Transcript of WHO podcast - 6 June 2008
3 million now receiving life-saving HIV drugs; what WHO is doing on health impacts of climate change; campaign asks for total ban on tobacco ads
Ravini Thenabadu: You’re listening to the WHO podcast. My name is Ravini Thenabadu and this is episode 35.
In this episode,
- Nearly 3 million HIV-positive people are now receiving antiretroviral therapy;
- a new campaign asks for a total ban on all forms of tobacco marketing;
- and, on the occasion of World Environment Day, a look at what WHO is doing to address health impacts of climate change.
Ravini Thenabadu: Nearly 3 million people are now receiving antiretroviral therapy in low- and middle-income countries, according to a new report published this week. One of the highlights of the report is that more women now have access to antiretrovirals to prevent transmission to their unborn children. The report is jointly prepared by WHO, UNAIDS and UNICEF.
The report highlights other achievements too: there are now more testing and counseling services available. And, more countries have made commitments to male circumcision, which is known to offer better protection against HIV transmission.
Speaking at the launch of the report, WHO Director-General Dr Margaret Chan elaborated on the increasing rate of people being placed on antiretroviral therapy.
Dr Margaret Chan: In 2007, treatment was extended to nearly 1 million more people. Almost three quarters of people receiving these drugs are in Africa, where the epidemic is disproportionately severe and the challenges are especially daunting. The access of women to treatment is at least as good as that for men. Globally, deaths from this disease are now declining, and we can say with confidence that recent progress towards the goal of universal access is the principal reason why.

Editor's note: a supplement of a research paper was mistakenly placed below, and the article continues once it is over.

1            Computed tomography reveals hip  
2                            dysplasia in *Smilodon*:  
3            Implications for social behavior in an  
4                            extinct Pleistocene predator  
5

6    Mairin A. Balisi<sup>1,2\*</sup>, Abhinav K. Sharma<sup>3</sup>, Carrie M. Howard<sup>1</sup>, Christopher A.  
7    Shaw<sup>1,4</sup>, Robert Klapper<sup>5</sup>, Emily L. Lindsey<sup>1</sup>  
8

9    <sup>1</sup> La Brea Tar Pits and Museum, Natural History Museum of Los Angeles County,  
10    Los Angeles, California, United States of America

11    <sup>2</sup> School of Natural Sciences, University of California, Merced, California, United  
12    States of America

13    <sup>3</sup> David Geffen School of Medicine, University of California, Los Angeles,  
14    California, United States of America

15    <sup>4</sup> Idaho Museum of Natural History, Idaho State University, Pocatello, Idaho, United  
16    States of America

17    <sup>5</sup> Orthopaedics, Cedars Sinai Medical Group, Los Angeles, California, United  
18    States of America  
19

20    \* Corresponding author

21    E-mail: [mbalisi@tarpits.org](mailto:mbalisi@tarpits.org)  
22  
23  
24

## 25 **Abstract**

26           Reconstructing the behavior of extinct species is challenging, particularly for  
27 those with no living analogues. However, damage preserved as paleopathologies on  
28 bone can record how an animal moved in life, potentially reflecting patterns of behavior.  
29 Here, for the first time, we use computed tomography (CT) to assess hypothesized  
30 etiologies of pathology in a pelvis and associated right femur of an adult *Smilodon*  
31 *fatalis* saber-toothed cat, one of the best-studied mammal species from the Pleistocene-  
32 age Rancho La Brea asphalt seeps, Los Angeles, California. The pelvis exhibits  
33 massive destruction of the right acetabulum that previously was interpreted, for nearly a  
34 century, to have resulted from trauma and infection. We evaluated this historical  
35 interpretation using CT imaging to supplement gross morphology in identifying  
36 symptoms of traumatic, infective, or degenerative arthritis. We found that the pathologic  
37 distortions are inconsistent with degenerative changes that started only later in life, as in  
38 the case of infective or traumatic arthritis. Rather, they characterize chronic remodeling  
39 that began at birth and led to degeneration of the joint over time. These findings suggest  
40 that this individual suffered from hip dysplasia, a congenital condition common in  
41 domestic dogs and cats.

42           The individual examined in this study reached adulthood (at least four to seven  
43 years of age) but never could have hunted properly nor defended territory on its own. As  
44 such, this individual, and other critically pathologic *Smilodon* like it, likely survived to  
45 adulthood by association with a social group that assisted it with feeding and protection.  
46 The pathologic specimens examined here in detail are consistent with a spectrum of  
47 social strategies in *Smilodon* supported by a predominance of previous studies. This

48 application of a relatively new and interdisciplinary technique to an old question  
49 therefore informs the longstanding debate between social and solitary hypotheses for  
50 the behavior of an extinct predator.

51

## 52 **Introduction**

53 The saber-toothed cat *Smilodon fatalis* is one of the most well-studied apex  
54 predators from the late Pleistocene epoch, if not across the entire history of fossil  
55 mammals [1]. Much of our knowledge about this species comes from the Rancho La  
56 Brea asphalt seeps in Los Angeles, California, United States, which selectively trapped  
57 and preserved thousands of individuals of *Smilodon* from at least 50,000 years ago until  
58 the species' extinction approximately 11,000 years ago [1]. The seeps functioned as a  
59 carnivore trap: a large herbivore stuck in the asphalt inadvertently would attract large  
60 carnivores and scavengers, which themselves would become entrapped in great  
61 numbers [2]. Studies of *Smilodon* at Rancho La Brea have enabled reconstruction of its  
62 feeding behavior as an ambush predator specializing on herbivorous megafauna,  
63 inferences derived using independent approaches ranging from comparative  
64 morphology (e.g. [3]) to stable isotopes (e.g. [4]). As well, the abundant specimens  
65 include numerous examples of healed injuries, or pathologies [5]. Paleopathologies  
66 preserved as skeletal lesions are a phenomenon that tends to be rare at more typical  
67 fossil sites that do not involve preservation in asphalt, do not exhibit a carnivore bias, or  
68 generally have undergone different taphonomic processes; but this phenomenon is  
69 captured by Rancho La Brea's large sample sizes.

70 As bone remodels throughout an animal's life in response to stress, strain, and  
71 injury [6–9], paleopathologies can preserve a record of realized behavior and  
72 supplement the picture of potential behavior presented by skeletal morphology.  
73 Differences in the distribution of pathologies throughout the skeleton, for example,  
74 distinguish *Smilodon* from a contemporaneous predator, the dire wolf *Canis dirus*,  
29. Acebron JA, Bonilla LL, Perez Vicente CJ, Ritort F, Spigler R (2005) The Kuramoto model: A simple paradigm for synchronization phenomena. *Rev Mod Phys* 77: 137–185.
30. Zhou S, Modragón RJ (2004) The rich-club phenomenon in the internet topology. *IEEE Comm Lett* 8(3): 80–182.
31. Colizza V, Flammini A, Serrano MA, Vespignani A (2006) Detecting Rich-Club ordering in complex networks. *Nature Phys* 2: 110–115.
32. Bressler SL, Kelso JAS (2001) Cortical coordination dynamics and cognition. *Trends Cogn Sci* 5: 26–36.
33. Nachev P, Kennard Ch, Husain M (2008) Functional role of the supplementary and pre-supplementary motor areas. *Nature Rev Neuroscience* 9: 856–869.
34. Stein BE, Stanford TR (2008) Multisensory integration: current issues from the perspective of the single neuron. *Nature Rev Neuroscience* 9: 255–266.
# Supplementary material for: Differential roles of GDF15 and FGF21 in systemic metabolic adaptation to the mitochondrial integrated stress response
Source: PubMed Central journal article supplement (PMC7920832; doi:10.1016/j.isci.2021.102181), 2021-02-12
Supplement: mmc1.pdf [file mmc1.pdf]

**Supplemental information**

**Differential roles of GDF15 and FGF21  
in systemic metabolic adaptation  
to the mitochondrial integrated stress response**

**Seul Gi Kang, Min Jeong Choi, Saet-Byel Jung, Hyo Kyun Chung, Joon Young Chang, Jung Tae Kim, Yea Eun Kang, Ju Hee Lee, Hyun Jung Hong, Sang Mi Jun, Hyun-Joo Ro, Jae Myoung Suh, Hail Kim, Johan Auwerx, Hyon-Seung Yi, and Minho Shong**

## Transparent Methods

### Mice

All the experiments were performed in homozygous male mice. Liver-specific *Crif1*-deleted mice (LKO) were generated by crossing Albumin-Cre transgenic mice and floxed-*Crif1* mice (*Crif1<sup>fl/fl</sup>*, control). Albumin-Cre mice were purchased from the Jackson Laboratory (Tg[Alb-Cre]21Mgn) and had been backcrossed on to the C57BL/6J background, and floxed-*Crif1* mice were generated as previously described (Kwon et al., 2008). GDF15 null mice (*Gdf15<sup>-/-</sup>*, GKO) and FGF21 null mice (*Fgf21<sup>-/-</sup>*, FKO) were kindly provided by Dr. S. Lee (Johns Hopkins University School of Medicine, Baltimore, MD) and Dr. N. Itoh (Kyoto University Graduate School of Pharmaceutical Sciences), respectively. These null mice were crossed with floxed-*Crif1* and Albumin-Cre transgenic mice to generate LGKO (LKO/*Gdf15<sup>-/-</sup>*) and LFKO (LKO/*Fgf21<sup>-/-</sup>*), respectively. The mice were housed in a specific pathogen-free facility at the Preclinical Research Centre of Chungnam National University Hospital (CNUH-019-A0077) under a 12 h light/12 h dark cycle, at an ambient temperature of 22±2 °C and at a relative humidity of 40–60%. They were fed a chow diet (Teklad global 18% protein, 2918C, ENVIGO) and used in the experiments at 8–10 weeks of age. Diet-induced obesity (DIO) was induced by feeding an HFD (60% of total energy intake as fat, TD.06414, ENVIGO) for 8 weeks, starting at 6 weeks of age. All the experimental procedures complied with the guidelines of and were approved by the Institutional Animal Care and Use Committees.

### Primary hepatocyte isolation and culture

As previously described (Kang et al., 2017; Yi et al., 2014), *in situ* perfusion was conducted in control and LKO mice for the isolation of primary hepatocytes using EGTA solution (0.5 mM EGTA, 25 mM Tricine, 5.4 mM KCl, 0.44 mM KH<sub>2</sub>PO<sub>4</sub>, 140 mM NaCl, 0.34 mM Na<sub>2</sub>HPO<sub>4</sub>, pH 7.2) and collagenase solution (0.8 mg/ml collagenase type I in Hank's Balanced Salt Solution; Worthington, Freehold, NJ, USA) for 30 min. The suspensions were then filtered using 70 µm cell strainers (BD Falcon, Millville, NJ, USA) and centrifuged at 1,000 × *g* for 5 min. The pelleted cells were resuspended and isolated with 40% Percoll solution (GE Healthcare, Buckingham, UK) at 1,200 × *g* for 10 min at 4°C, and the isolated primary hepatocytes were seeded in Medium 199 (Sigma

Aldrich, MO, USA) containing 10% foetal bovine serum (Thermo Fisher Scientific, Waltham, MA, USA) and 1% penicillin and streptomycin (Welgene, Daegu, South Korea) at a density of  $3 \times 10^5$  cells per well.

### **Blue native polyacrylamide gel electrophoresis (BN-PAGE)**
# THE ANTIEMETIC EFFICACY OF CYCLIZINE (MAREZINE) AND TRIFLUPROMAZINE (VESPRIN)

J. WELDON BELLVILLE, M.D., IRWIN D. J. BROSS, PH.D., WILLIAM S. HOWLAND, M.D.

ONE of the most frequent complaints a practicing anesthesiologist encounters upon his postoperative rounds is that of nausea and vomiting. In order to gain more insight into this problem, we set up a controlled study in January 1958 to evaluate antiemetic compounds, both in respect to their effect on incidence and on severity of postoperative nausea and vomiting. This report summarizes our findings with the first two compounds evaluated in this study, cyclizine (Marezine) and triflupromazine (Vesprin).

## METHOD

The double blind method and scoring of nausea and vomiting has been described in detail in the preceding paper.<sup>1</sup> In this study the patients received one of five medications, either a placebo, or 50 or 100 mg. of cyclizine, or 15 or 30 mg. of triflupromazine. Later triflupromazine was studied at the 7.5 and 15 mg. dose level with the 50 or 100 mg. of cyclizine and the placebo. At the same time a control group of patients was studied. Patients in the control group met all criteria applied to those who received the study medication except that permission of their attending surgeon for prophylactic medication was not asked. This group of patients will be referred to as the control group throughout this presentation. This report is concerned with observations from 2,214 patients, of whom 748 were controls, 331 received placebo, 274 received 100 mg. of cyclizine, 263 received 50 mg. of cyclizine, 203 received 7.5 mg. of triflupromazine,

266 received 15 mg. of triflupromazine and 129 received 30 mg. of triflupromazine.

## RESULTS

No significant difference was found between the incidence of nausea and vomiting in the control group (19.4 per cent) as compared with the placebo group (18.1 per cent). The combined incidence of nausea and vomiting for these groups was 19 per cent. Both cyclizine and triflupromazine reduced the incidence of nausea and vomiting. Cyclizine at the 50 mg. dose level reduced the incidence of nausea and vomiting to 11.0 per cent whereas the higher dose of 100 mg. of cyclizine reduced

This is a remarkable achievement for public health. This proves that, with commitment and determination, major obstacles can be overcome. People living in resource-constrained settings can indeed be brought back to economically and socially productive lives by these drugs. All can take pride and share our achievement, but much more needs to be done.
Ravini Thenabadu: The 5th of June marks World Environment Day. The United Nations uses this occasion to raise awareness of environmental issues and to trigger political attention and action. Recognizing that climate change is becoming the defining issue of our era, this year the focus is on greenhouse gas emissions and how to reduce them.
The World Health Assembly this year adopted a resolution urging Member States to take decisive action to address potential health risks from climate change. Dr Maria Neira, director of the Public Health and Environment Department in WHO, explains the importance of the resolution.